Joaquim Maria Machado de Assis : biography
Joaquim Maria Machado de Assis (), often known as Machado de Assis, Machado, or Bruxo do Cosme VelhoVainfas, p. 505 (June 21, 1839 – September 29, 1908), was a Brazilian novelist, poet, playwright, short story writer, and advocate of monarchism. Widely regarded as the greatest writer of Brazilian literature,Candido; Antonio. (1970) Vários escritos. São Paulo: Duas Cidades. p. 18Caldwell, Helen (1970) Machado de Assis: The Brazilian Master and his Novels. Berkeley, Los Angeles and London, University of California Press.Fernandez, Oscar Machado de Assis: The Brazilian Master and His Novels The Modern Language Journal, Vol. 55, No. 4 (Apr., 1971), pp. 255–256 nevertheless he did not gain widespread popularity outside Brazil in his own lifetime. He was multilingual, having learned French, English, German, and Greek later in life, all by himself.
Machado's works had a great influence on Brazilian literary schools of the late 19th century and early 20th century. José Saramago, Carlos Fuentes, Woody Allen and Susan Sontag are among his admirers,João Cezar de Castro Rocha, . Portuguese Literature and Cultural Studies 13/14 (2006): xxiv. the American critic Harold Bloom calls him "the supreme black literary artist to date".Harold Bloom, Genius: A Mosaic of One Hundred Exemplary Creative Minds (New York: Warner Books), 674.
Titles and honours
- Member of the Brazilian Academy of Letters (1896–1908).
- President of the Brazilian Academy of Letters (1897–1908).
- Knight of the Order of the Rose (1867).
- Officer of the Order of the Rose (1888).
Machado's style is unique, and several literary critics have tried to describe it since 1897.Romero, Silvio (1897) Machado de Assis: Estudo Comparativo da Literatura Brasileira. Rio de janeiro: Laemmert. He is considered by many the greatest Brazilian writer of all time, and one of the world's greatest novelists and short story writers. His chronicles do not share the same status. His poems are often misunderstood for the use of crude terms, sometimes associated to the style of Augusto dos Anjos, another Brazilian writer. Machado de Assis was included on American literary critic Harold Bloom's list of the greatest 100 geniuses of literature, alongside writers such as Dante, Shakespeare and Cervantes. Bloom considers him the greatest black writer in Western literature, but his classification of him as black is based on United States's conceptions of race. These are not the same in Brazil. Daniel, pp. 10–76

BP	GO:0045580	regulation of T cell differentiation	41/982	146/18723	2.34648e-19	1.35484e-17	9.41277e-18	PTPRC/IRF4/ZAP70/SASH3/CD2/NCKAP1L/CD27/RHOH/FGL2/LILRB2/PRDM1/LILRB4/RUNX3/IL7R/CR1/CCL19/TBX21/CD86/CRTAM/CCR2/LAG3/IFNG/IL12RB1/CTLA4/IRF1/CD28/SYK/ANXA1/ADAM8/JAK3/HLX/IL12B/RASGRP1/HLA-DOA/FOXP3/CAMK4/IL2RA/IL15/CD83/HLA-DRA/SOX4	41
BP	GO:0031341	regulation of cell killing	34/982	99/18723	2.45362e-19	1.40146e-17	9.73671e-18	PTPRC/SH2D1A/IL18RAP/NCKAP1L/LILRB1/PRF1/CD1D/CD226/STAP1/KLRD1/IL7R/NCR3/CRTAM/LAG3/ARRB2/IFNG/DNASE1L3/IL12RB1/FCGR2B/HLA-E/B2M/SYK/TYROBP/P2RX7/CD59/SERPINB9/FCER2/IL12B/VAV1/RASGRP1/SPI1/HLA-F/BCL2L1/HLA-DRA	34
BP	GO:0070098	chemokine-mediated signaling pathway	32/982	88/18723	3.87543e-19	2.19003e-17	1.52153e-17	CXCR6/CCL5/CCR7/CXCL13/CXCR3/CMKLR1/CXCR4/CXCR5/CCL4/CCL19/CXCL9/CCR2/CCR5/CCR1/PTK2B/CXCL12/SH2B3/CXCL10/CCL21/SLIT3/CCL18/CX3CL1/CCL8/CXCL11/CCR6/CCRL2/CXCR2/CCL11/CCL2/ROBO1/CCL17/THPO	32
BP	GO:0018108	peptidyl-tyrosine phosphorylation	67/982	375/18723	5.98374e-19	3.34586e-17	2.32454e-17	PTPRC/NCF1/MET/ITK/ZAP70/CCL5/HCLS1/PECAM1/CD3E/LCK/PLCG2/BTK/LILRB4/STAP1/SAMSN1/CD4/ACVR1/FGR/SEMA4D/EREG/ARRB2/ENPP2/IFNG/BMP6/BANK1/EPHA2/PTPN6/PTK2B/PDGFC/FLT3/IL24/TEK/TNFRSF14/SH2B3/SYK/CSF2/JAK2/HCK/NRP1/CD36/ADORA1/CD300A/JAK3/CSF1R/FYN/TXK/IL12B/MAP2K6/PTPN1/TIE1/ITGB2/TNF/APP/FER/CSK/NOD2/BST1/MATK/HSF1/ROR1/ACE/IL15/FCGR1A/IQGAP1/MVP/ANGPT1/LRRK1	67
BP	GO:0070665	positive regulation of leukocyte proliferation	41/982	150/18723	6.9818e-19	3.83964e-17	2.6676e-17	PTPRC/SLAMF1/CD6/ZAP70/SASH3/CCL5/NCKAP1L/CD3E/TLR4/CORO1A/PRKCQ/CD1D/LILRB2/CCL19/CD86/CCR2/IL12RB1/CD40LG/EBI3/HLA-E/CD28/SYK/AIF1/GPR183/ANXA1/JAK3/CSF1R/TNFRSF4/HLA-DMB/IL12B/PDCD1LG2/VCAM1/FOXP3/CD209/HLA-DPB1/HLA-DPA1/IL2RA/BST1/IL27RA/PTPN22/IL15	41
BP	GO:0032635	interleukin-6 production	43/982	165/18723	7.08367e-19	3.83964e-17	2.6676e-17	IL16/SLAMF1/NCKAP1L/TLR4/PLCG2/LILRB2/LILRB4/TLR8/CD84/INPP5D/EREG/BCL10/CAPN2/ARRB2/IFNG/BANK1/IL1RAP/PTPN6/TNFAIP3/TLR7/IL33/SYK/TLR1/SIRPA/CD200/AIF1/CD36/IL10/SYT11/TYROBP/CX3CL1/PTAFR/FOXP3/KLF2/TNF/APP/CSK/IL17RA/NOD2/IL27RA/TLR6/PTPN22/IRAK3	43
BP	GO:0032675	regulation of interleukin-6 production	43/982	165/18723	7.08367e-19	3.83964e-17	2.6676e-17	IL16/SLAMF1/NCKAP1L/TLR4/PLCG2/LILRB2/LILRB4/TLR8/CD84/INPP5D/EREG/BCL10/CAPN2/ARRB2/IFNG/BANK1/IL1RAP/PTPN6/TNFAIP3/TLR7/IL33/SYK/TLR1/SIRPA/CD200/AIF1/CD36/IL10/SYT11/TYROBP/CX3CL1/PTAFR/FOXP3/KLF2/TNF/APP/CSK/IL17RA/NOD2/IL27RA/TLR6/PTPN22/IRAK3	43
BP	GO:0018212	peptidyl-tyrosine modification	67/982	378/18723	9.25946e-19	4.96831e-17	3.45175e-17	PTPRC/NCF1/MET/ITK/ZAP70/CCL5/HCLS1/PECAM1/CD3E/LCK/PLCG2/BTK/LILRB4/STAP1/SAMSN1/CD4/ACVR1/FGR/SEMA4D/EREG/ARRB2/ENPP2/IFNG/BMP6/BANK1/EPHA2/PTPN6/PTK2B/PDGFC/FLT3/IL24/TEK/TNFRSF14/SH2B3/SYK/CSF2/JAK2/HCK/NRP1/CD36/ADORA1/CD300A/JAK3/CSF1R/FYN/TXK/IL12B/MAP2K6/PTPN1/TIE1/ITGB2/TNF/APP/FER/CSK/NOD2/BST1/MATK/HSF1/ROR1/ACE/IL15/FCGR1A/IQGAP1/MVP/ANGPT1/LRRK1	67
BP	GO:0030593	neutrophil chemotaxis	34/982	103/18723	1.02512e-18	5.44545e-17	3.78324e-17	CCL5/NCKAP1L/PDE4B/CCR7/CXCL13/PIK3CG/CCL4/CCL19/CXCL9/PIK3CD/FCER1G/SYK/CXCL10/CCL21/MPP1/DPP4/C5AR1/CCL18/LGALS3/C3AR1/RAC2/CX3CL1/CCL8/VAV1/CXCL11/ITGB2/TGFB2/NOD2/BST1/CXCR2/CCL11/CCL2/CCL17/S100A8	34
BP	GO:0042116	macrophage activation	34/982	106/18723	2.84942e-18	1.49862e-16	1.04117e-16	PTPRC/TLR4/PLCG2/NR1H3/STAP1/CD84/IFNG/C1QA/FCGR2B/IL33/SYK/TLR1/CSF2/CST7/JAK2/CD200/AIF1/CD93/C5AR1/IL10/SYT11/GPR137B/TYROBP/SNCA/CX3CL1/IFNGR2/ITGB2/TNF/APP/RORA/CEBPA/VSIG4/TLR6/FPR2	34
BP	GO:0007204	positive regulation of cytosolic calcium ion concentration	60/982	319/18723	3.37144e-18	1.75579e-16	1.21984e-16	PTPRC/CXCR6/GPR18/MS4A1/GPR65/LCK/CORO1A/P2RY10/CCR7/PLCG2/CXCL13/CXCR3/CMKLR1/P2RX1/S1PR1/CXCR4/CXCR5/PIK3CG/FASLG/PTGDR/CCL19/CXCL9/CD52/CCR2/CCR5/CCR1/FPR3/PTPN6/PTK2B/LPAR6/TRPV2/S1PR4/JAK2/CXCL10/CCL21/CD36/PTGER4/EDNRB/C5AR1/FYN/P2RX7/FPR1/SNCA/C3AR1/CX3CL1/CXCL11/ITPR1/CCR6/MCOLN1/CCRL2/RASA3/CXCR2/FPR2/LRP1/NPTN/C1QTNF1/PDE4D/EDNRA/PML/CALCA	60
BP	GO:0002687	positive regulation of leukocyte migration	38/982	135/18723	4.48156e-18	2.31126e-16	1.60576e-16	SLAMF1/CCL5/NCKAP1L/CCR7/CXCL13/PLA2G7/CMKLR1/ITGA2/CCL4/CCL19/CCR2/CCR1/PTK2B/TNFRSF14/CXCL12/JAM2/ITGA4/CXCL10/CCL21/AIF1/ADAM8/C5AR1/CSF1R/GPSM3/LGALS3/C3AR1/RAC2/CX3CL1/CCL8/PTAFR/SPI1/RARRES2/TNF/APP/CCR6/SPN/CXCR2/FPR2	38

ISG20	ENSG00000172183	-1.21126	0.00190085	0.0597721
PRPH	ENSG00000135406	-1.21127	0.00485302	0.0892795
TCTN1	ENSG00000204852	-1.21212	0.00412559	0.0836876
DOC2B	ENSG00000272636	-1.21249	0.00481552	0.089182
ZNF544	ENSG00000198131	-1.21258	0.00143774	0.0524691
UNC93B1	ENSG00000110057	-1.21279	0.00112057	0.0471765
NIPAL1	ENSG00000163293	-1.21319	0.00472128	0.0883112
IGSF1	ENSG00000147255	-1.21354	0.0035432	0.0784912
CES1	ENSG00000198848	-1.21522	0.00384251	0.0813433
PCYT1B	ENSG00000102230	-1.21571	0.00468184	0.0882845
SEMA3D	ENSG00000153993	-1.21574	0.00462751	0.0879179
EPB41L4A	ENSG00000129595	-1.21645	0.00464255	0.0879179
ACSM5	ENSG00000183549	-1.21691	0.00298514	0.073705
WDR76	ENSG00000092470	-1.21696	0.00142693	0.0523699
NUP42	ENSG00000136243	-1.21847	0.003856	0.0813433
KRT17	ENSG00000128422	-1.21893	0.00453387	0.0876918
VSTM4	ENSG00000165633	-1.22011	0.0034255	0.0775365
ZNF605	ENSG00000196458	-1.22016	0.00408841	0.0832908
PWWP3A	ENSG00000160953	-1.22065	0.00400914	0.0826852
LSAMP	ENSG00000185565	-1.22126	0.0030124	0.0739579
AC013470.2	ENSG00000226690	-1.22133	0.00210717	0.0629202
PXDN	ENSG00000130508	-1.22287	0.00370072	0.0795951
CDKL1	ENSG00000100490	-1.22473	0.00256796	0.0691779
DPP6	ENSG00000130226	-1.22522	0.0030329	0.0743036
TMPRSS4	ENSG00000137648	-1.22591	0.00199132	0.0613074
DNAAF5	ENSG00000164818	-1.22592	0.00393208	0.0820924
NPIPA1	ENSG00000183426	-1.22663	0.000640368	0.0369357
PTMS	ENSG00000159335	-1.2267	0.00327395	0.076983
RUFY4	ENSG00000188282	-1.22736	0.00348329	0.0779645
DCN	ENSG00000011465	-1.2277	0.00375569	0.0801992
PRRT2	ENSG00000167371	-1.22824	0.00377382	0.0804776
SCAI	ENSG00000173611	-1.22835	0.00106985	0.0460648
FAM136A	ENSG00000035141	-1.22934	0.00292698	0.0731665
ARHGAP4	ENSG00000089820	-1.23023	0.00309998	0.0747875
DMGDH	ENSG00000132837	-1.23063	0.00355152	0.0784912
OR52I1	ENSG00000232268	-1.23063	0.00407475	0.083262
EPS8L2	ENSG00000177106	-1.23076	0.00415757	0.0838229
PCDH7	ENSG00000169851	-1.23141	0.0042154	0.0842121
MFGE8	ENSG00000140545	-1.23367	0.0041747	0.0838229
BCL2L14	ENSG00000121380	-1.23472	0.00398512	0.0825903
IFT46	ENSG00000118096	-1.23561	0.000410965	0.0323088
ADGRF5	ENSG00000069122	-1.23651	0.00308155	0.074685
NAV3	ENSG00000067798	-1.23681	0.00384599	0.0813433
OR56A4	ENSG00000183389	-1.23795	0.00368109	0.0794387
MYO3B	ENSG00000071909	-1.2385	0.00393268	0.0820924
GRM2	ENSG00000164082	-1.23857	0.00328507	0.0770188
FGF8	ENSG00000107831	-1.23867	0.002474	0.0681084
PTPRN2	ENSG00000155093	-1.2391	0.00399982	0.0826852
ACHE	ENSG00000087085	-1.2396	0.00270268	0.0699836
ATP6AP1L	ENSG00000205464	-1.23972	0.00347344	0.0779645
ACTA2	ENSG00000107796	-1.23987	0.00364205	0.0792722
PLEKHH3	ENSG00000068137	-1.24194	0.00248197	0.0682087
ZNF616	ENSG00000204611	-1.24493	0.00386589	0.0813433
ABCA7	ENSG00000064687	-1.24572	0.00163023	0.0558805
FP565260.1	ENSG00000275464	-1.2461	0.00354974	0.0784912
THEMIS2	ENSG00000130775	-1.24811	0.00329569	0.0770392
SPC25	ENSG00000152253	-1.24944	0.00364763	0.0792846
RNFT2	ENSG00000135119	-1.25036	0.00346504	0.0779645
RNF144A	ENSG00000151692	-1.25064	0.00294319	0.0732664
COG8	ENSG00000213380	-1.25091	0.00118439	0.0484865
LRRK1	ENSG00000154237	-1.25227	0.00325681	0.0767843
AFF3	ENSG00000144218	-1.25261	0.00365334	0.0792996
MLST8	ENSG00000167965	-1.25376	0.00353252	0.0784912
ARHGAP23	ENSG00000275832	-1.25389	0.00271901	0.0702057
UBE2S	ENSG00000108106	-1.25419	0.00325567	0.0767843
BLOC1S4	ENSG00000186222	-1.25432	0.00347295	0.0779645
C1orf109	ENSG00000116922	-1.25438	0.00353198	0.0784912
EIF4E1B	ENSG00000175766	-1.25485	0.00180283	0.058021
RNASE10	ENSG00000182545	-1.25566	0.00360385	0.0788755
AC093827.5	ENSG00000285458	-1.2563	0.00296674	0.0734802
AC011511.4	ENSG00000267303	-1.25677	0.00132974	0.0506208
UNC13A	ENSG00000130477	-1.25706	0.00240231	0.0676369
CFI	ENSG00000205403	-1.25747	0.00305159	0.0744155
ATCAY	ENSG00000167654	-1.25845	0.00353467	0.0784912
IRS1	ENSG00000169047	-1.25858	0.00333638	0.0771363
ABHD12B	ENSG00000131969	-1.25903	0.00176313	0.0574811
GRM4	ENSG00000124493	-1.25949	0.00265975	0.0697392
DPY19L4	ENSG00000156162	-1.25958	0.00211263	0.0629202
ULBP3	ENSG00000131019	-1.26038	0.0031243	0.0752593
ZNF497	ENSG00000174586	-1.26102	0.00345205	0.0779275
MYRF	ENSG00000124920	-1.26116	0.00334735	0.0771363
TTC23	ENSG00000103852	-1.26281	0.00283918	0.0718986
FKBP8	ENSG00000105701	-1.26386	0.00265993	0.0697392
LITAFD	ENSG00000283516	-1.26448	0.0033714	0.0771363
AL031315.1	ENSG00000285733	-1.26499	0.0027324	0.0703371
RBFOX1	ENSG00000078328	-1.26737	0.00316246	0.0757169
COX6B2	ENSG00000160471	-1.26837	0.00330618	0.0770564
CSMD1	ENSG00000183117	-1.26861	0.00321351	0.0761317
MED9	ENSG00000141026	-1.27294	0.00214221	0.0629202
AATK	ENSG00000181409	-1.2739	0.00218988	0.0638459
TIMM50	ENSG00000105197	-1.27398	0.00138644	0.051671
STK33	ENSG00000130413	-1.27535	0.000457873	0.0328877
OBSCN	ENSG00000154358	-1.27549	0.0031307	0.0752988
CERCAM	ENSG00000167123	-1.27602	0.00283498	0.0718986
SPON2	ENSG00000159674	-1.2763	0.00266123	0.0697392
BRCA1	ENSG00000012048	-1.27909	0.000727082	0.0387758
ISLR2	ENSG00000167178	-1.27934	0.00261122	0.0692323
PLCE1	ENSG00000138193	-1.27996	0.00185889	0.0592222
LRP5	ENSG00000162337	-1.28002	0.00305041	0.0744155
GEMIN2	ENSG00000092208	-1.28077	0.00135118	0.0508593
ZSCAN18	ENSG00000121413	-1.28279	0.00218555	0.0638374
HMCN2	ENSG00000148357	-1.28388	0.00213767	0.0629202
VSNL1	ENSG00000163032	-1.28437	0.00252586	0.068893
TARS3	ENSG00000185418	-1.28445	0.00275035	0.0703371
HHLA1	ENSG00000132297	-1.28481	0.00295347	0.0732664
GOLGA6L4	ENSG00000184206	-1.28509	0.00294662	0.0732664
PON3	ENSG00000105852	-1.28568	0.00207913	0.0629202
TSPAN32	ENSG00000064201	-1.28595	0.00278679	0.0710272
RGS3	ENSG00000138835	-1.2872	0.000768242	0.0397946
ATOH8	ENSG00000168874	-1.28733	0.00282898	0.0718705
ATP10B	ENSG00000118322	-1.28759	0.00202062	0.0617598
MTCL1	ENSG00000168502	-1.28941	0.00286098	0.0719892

His works have been studied by critics in various countries of the world, such as Giuseppe Alpi (Italy), Lourdes Andreassi (Portugal), Albert Bagby Jr. (US), Abel Barros Baptista (Portugal), Hennio Morgan Birchal (Brazil), Edoardo Bizzarri (Italy), Jean-Michel Massa (France), Helen Caldwell (US), John Gledson (England), Adrien Delpech (France), Albert Dessau (Germany), Paul B. Dixon (US), Keith Ellis (US), Edith Fowke (Canada), Anatole France (France), Richard Graham (US), Pierre Hourcade (France), David Jackson (US), G. Reginald Daniel (US), Linda Murphy Kelley (US), John C. Kinnear, Alfred Mac Adam (US), Victor Orban (France), Daphne Patai (US), Houwens Post (Italy), Samuel Putnam (US), John Hyde Schmitt, Tony Tanner (England), Jack E. Tomlins (US), Carmelo Virgillo (US), Dieter Woll (Germany) and Susan Sontag (US).Sontag, Susan. Forward. Epitaph of a Small Winner. By J.M. Machado de Assis. Trans. William Grossman. New York: Farrar, Straus and Giroux, 1990. xi-xxiv.
Critics are divided as to the nature of Machado de Assis's writing. Some, such as Abel Barros Baptista, classify Machado as a staunch anti-realist, and argue that his writing attacks Realism, aiming to negate the possibility of representation or the existence of a meaningful objective reality. Realist critics such as John Gledson are more likely to regard Machado's work as a faithful description of Brazilian reality—but one executed with daring innovative technique. In light of Machado’s own statements, Daniel argues that Machado’s novels represent a growing sophistication and daring in maintaining a dialogue between the aesthetic subjectivism of Romanticism (and its offshoots) and the aesthetic objectivism of Realism-Naturalism. Accordingly, Machado’s earlier novels have more in common with a hybrid mid-nineteenth-century current often referred to as “Romantic Realism." Daniel, pp. 190–237 In addition, his later novels have more in common with another late nineteenth-century hybrid: literary Impressionism. Historians such as Sidney Chalhoub argue that Machado's prose constitutes an exposé of the social, political and economic dysfunction of Second Empire Brazil. Critics agree on how he used innovative techniques to reveal the contradictions of his society. Roberto Schwarz points out that Machado's innovations in prose narrative are used to expose the hypocrisies, contradictions, and dysfunction of nineteenth-century Brazil. Daniel, pp. 153–218 Schwartz, a Marxist, argues that Machado inverts many narrative and intellectual conventions to reveal the pernicious ends to which they are used. Thus we see critics reinterpret Machado according to their own designs or their perception of how best to validate him for their own historical moment. Regardless, his incisive prose shines through, able to communicate with readers from different times and places, conveying his ironic and yet tender sense of what we, as human beings, are. Daniel, pp. 190–237
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